Yesterday I posted this drawing of Michael Cera and mentioned how it was a “cold” drawing… meaning I had one photo reference to work from and no other familiarity with the subject either from seeing him in a film or on TV, or any other forms of reference.
Here’s the photo reference I used:
I got a few comments and some private e-mails asking for more details about what it means to draw “cold” and what makes it different from using multiple references or drawing from a live model. I thought it would make a good topic for a more involved post.
Drawing caricatures from nothing but photo references is tough. Anybody who has ever done it will tell you that photographs lie. Tricks of light, focus, angle, perspective, etc. will provide you with false information about your subject. A given photo will suggest some features are ripe for exaggeration while other photos will tell you something different entirely. Basically it all boils down to this: you are basing your observations of a living, three dimensional subject on a two dimensional reference, and are therefore restricted in your observations to the superficial information that photo imparts. The best caricaturists in the world can do a terrific caricature from a single photo that looks just like the photo, but that doesn’t mean it will be a great caricature of the actual subject.
Take a look at the photo of Cera above. Based on that, I drew his eyes large and close together, exaggerated the width of his face and the roundness of it, gave him a small chin and exaggerated that by making the space between his upper lip and nose larger, and gave him a tiny mouth. I had nothing to go on but this single picture. A few people wrote me saying they had a hard time recognizing him in the sketch without first being told who is was. That does not surprise me.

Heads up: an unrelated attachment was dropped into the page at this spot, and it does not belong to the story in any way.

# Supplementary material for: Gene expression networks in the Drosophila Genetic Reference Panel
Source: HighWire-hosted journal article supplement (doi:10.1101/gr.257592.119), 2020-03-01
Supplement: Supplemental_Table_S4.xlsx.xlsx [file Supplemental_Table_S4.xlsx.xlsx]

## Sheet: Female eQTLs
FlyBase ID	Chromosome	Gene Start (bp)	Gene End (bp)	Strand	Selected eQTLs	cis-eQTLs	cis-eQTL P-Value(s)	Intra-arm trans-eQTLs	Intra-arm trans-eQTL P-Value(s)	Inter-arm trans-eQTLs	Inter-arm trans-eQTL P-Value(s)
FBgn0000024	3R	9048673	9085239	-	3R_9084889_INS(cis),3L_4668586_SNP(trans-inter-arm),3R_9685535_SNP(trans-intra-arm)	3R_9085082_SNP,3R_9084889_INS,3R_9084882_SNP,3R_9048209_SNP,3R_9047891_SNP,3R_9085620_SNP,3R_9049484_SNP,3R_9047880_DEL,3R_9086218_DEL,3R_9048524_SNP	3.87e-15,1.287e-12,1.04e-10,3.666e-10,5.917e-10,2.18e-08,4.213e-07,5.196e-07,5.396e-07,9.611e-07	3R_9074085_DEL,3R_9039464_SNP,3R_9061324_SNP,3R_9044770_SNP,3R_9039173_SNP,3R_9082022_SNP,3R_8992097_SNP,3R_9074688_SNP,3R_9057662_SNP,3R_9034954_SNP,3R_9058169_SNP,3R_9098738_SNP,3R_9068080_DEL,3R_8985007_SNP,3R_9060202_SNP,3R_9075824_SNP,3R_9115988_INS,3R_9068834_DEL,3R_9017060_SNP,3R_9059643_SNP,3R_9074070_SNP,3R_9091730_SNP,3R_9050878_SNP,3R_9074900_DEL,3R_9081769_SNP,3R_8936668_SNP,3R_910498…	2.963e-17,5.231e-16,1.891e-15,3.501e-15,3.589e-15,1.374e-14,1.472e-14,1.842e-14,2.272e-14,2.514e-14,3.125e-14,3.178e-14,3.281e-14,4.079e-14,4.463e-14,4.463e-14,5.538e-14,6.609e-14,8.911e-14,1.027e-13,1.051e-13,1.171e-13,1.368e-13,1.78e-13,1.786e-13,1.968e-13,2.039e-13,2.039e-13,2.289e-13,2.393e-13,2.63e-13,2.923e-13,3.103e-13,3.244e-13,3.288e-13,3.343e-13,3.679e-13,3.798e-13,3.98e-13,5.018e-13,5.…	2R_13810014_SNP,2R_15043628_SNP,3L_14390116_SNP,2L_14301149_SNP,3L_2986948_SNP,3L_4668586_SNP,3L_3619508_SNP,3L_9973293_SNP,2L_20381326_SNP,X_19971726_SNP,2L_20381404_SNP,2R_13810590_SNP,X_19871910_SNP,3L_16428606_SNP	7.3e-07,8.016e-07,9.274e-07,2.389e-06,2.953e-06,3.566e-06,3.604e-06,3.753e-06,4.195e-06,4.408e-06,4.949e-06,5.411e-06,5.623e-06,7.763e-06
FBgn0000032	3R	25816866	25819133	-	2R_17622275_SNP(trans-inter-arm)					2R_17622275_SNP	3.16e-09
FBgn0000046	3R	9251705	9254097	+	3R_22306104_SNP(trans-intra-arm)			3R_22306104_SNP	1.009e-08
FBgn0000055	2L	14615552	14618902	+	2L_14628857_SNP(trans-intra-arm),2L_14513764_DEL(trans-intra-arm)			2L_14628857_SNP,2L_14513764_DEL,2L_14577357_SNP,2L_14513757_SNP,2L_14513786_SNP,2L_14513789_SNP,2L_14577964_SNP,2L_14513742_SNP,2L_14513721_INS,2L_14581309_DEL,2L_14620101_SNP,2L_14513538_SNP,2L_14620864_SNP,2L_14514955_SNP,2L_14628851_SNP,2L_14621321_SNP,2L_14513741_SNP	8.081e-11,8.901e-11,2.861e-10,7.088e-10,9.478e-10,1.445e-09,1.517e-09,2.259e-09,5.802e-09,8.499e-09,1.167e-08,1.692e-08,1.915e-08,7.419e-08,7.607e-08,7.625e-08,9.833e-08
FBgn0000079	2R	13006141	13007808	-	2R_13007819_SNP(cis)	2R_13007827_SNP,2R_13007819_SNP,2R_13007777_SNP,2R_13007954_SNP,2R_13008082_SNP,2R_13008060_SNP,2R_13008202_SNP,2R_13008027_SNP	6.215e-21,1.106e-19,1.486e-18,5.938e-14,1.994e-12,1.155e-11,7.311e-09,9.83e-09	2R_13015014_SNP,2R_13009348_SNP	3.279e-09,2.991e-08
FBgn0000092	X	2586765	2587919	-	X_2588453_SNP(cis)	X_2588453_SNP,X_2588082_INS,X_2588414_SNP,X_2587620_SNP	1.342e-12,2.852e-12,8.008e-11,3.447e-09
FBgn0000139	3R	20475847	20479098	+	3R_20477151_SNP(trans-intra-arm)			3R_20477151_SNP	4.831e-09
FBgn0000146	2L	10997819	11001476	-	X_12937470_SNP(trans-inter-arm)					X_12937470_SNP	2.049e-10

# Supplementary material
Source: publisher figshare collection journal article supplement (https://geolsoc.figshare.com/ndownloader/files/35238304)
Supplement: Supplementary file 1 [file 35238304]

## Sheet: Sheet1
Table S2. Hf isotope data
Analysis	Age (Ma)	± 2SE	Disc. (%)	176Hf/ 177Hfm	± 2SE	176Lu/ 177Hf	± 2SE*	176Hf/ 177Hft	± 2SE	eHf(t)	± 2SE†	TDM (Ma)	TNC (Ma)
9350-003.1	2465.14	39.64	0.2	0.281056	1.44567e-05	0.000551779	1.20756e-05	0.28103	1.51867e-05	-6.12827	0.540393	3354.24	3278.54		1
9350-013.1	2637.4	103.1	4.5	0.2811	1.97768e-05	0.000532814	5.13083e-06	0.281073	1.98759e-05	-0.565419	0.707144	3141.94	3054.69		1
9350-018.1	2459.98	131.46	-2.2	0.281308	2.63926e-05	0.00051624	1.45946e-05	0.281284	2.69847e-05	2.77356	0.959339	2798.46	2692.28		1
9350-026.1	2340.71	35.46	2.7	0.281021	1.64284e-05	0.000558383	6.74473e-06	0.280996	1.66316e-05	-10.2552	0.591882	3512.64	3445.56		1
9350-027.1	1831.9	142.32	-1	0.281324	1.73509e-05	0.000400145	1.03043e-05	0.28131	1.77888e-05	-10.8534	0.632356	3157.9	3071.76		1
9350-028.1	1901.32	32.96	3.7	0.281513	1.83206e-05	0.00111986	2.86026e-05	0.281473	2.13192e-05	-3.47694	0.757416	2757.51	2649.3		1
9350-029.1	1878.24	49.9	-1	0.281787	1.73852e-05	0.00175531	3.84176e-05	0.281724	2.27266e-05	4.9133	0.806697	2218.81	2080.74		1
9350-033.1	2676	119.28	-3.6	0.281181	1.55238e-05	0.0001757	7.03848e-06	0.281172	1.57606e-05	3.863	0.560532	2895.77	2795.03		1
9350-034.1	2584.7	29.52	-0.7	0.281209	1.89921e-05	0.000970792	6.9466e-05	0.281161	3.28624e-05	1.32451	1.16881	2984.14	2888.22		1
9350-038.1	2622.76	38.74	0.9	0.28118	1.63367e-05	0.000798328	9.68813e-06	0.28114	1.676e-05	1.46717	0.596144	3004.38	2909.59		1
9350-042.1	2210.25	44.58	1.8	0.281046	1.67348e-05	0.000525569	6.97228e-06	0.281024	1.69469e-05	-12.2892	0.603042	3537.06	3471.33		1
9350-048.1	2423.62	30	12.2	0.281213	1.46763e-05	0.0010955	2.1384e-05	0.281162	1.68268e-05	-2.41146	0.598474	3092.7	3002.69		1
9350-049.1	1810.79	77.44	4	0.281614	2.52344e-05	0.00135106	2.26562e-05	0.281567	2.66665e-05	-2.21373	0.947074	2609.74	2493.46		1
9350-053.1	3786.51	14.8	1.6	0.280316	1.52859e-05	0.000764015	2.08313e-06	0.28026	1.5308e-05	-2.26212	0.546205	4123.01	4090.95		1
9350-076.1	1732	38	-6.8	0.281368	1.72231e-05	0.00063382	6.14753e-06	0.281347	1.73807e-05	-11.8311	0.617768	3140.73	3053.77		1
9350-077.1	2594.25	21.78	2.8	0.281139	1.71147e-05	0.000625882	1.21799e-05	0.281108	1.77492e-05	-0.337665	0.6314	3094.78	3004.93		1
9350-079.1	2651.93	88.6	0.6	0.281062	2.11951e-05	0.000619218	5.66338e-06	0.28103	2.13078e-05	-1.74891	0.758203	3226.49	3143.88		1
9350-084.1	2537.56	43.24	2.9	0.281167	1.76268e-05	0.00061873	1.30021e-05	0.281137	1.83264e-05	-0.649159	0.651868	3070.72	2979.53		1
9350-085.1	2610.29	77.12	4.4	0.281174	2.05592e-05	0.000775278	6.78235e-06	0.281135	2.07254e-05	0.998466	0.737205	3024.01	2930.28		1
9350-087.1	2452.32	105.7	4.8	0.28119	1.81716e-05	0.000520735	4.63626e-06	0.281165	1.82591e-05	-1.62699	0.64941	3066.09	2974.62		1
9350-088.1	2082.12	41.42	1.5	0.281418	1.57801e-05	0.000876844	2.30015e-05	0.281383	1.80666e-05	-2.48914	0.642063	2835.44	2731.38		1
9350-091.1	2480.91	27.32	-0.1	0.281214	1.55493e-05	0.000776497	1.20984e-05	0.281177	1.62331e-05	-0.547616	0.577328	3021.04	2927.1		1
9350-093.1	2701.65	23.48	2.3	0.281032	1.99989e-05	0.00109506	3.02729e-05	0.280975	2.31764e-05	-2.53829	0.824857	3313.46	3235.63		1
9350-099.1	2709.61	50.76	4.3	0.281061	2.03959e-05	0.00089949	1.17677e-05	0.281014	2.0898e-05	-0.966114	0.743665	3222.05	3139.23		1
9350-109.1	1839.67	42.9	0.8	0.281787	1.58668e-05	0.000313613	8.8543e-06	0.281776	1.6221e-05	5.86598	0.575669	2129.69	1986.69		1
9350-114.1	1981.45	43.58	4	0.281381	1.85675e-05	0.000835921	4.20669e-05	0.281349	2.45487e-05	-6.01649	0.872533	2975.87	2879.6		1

When I draw caricatures for a job, I get as much photo reference together as I can. In fact, I make up a 13″ x 19″ sheet of pictures of each subject comprised of different angles and expressions that I use as my main reference. Here’s one I used recently of Alec Baldwin for the “30 Rock” parody I did this spring:
Using this kind of collection of photos I can get a much better feel for his features, expressions and personality, and can do more effective and CONSISTENT caricatures of him. There is a big difference between doing a caricature based on the superficial and doing one based on the foundations of a face. Drawing a “superficial caricature” is dependent solely on the exact physical traits of a given reference, and there are lots of potential pitfalls there. The decisions an artist makes with respect to that reference may not apply to the same face from a different angle or with a different expression. The artist may find trying to turn the head in a second drawing requires a different set of decisions to make it work. Each drawing by itself may be effective, but as a pair they are mismatched… they do not read as the same person. However if the artist bases his or her caricature on observations of the underlying foundations of the face… making decisions based on the continuity of the face between multiple angles and viewpoints rather than the superficial nature of a single photo, then the caricature becomes more solid and far more consistent. The artist is caricaturing the person and not the photo.